Nurses eat their young.
Chances are, you’ve heard this phrase before. And if you’re a nurse, you’ve not only heard this phrase, but you’ve probably seen it play out in your work.
In 2017, nearly 83% of physicians and nurses reported disruptive behaviors in their hospitals. Disruptive behaviors can be defined as any negative behavior in healthcare that should never occur and that disturbs work getting done. This can include nurse bullying, incivility, physical violence, gossiping, public criticism, and even the silent treatment.
Here are 3 things you need to know about disruptive behaviors in nursing:
1. Disruptive behaviors can harm the patient, too.
A survey reported that 71% of physicians and nurses believe there is a significant link between disruptive behaviors and medical errors, and 27% believe disruptive behaviors led to a patient’s death.
When nurses experience disruptive behaviors, they can often shut down and disengage from their work, which lowers the quality of patient care. Additionally, workplaces where nurse bullying is prevalent often have greater turnover, which can create a shortage of nursing that negatively impacts patient satisfaction and outcomes.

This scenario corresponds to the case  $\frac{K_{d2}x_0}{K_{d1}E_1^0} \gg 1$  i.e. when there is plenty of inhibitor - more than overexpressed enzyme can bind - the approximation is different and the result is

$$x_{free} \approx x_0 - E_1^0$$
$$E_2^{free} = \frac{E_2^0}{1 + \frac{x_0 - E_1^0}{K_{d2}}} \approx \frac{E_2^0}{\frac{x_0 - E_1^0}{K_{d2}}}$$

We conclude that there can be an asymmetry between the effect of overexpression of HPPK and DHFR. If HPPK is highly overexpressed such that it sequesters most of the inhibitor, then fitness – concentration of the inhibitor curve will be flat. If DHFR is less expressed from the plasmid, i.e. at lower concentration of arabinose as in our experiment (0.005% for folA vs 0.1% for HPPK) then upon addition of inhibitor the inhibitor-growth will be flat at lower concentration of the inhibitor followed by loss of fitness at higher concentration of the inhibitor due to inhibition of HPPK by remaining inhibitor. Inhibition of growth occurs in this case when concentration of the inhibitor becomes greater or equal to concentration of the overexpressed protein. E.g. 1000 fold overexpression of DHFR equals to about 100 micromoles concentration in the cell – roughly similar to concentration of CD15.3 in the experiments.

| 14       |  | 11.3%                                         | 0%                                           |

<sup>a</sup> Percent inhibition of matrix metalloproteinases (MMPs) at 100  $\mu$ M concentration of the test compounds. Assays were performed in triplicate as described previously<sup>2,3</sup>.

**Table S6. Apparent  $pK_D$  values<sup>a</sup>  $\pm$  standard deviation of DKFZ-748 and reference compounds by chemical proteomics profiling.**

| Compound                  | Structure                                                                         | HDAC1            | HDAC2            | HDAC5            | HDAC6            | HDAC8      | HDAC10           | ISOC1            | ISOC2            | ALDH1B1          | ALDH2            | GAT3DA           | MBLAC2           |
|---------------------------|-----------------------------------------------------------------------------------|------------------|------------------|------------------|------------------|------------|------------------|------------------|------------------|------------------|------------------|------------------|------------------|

2. Creating a culture of giving and receiving feedback can reduce disruptive behaviors.
As a species, humans generally have a difficult time receiving constructive feedback. This can be a huge factor in the prevalence of disruptive behaviors because talented clinicians are often excused for poor behavior.
Fostering a culture where giving and receiving feedback is a habit will lead to high-performing and respectful teams. Instead of getting defensive when receiving feedback, healthy teams embrace and even seek out feedback as a necessary part of improving their practice. Cultivating this habit begins with clinical leaders and their own willingness to admit their shortcomings.
3. Recognize what bullying is… and is not.
Bullying does not include a manager holding staff accountable for performance or behavior, differing opinions, a hard conversation, or letting a bad mood get the best of you on a stressful day. Everyone has acted unprofessionally from time to time, especially when working in high-stress environments.
You’ll know that bullying has occurred when there is a target, the actions are harmful, and it’s happening repeatedly. This includes behaviors such as uneven workloads due to favoritism, exclusion, gossip, constant nitpicking, open criticism, and sabotage. These actions are not just the result of poor staff behavior or a stressful day but are meant to cause harm to another individual.
While disruptive behaviors are prevalent – and may even feel normal – in healthcare settings, we shouldn’t stop working to eradicate them. To learn more about how to prevent disruptive behaviors, explore nurse bullying expert Renee Thompson’s organization, Healthy Workforce Institute.